Core Learning Algorithm of Artificial Neural Network: Back-propagation Demystified

Understanding the underlying process of how back-propagation algorithm works with a simple example

Core Learning Algorithm of Artificial Neural Network: Back-propagation Demystified
[source]

Opening the black box

Core Learning Algorithm of Artificial Neural Network: Back-propagation Demystified

Motivation

Recently at an ML interview, I was asked to explain how a back-propagation algorithm works.

I was not ready for that question and I didn’t know where to start. Though I had some understanding of how it works, it was all in my head. I could not figure out where to explain and what example to use.

So, the motivation behind this article is to demystify the back-propagation algorithm in possibly the simplest way so that ML beginners like us can explain it during the interviews and understand the underlying process of how this algorithm works.


Prerequisites

Before starting, I assume that you have some understanding of how artificial neural network works.

At least up to the point where you know what a typical neural network architecture looks like and what are the roles of input layers, hidden layers, synapses, weights, biases, output layers and cost functions. πŸ˜…


What is Back-propagation?

If you have started to learn about Machine Learning and Artificial Neural Networksa then you might have encountered the term Back-propagation.

Let’s look at the definition first and understand what it is and what it does:

Back-propagation, short for β€œbackward propagation of errors,” is an algorithm for supervised learning of artificial neural networks using gradient descent.β€Šβ€”β€ŠBrilliant.org

Given an artificial neural network and an error function, the back-propagation algorithm calculates the negative gradient of the error function with respect to the weights of the network.

It is the core algorithm behind how an artificial neural network learns.


If it has been a while then you might have already understood the purpose of back-propagation.

In this article, rather than focusing on what it is, we are going to understand how it actually works and why it is so awesome.

Let’s try to understand it by the simplest example possible.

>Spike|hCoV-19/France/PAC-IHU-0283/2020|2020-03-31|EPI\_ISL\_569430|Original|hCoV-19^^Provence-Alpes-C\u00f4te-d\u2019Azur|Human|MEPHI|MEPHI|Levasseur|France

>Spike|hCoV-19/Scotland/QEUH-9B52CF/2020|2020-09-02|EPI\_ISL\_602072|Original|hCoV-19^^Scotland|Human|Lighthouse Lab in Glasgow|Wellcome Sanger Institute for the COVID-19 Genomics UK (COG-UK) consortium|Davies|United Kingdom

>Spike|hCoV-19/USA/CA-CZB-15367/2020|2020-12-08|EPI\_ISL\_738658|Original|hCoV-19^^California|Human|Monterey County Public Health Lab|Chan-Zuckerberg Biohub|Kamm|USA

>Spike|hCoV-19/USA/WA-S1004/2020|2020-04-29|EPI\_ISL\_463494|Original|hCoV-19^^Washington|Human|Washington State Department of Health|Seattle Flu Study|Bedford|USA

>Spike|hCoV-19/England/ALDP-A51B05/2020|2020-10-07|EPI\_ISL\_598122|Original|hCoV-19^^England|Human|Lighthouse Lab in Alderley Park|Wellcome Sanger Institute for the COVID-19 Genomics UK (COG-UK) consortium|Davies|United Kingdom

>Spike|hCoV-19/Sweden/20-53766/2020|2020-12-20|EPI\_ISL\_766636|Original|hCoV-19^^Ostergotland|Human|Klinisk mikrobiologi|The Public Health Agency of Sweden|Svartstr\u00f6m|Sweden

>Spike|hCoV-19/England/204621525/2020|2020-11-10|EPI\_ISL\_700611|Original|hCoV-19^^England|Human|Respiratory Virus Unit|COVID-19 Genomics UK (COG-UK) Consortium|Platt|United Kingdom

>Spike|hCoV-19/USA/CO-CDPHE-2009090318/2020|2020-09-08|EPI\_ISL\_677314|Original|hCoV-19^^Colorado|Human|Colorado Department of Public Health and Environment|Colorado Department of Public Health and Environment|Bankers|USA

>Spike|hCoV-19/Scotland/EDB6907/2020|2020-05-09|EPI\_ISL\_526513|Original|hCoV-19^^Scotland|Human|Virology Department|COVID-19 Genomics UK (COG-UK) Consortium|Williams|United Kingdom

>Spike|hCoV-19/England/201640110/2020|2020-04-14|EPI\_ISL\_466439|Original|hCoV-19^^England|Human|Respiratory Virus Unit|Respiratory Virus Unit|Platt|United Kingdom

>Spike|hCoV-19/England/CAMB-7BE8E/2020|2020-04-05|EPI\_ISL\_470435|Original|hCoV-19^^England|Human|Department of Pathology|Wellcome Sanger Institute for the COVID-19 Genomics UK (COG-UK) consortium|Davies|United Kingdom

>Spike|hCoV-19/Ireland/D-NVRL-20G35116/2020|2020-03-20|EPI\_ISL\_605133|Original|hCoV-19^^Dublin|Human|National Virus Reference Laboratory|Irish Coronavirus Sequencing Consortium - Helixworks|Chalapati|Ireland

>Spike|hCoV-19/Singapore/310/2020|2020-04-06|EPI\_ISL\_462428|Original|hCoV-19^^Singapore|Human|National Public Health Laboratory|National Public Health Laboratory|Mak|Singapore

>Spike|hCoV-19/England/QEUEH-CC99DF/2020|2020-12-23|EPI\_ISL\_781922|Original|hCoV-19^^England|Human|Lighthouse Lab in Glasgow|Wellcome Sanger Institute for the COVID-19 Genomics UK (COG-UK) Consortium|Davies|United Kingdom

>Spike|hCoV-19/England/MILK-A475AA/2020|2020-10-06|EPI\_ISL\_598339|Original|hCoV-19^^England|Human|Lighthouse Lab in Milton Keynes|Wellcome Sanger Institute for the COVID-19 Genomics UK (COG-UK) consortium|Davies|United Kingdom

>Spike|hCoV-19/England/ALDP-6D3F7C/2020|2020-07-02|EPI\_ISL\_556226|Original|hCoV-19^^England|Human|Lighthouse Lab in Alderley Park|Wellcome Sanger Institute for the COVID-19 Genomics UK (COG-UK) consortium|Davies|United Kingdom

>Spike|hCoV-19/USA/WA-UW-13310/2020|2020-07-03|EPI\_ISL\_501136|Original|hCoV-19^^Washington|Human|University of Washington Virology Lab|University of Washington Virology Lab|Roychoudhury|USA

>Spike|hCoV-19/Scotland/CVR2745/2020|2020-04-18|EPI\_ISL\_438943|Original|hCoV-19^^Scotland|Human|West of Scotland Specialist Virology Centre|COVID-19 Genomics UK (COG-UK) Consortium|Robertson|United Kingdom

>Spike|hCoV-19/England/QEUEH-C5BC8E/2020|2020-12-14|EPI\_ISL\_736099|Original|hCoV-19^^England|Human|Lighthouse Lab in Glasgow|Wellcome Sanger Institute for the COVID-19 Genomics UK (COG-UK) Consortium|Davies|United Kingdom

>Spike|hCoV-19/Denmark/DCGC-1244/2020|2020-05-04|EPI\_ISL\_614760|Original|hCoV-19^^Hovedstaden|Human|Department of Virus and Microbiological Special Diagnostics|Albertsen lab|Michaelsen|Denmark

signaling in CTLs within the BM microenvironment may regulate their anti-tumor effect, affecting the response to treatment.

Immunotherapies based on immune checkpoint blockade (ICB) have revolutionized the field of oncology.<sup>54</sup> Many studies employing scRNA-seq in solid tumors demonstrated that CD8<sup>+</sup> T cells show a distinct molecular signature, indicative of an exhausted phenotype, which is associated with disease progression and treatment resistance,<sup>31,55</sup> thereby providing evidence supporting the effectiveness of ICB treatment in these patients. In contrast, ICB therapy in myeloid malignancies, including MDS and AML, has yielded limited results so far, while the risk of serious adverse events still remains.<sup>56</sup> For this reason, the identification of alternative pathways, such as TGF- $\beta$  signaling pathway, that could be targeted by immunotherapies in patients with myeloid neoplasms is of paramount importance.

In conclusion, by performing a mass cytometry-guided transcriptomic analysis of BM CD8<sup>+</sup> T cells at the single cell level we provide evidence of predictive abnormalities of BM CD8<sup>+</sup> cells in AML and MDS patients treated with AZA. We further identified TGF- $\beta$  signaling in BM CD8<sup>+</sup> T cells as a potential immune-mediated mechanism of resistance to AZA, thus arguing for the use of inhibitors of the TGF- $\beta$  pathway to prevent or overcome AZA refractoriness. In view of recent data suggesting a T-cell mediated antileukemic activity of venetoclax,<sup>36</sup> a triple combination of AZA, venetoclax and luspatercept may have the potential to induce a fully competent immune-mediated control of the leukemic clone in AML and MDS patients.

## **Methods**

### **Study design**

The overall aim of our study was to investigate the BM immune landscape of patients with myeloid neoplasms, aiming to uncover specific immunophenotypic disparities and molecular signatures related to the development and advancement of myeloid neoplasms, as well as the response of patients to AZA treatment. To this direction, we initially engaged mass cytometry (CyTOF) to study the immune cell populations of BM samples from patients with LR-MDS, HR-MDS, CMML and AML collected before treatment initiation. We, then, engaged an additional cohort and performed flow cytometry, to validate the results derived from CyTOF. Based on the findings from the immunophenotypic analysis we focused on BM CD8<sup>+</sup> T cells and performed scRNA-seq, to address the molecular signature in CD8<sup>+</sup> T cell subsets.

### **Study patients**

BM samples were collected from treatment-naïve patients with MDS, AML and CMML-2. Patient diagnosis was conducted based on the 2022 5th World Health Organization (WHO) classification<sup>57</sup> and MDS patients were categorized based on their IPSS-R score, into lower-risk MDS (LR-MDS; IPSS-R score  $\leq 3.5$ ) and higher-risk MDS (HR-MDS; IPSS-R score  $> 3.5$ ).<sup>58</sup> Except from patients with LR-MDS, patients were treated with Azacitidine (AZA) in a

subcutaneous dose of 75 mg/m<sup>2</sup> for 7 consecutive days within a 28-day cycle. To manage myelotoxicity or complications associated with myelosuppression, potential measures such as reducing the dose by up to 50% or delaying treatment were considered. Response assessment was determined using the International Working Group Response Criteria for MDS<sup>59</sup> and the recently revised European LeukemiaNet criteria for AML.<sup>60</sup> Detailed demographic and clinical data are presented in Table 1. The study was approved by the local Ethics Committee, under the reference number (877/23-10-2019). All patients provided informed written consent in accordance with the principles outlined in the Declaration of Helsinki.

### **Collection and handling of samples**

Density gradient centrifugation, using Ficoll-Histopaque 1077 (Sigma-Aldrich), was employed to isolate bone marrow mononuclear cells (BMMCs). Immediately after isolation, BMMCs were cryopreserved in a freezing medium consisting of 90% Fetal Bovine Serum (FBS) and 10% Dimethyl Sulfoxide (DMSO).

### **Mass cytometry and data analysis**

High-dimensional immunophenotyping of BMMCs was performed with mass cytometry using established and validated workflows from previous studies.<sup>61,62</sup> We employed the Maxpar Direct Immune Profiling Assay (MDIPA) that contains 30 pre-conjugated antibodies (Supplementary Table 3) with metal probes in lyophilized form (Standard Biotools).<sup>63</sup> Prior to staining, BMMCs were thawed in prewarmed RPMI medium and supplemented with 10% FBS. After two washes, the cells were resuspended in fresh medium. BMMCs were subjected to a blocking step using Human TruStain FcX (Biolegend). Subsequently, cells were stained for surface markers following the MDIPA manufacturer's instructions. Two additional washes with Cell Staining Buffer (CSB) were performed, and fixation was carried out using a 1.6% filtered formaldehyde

How it works?β€Šβ€”β€ŠAs Simple As Possible

To understand the algorithm, let’s take an example of a simple artificial neural network with one input layer and one output layer.

It has the input (x) with the weight (w) and an output (Ε·).

Note: Here we are not going to use any hidden layers, activation functions or add any bias unit.

Since we do not have any hidden layers and we are not using any activation function, our output (Ε·) is the multiplication of input (x) and weight (w):Ε· = x * w

Now, let’s say we have our training data with an input (x)=1.5The backpropagation and an expected output (y)=0.5.

+--β€”β€”β€”+--β€”β€”β€”β€”β€”β€”+
|input(x)   | expected output(y) |
+-----------+--------------------+
| 1.5       | 0.5                |
+--β€”β€”β€”+--β€”β€”β€”β€”β€”β€”+

By given input 1.5 we expect our network to produce the output 0.5.

let’s initialize our weight (w) with a random value w=0.8 and see what it produces.

1.5 * 0.8 = 1.2

+--β€”β€”β€”+--β€”β€”β€”β€”β€”β€”+β€”β€”β€”β€”β€”+
|input(x)   | expected output(y) | output(Ε·)     |
+-----------+--------------------+---------------+
| 1.5       | 0.5                | 1.2           |
+--β€”β€”β€”+--β€”β€”β€”β€”β€”β€”+β€”β€”β€”β€”β€”+

With the current weight, as you can see it produces 1.2.

Now we need to define the error for our network through which it can learn how bad it performed.

For simplicity, let’s take the difference between the actual output and the expected output and then square it.j = (Ε· - y)Β²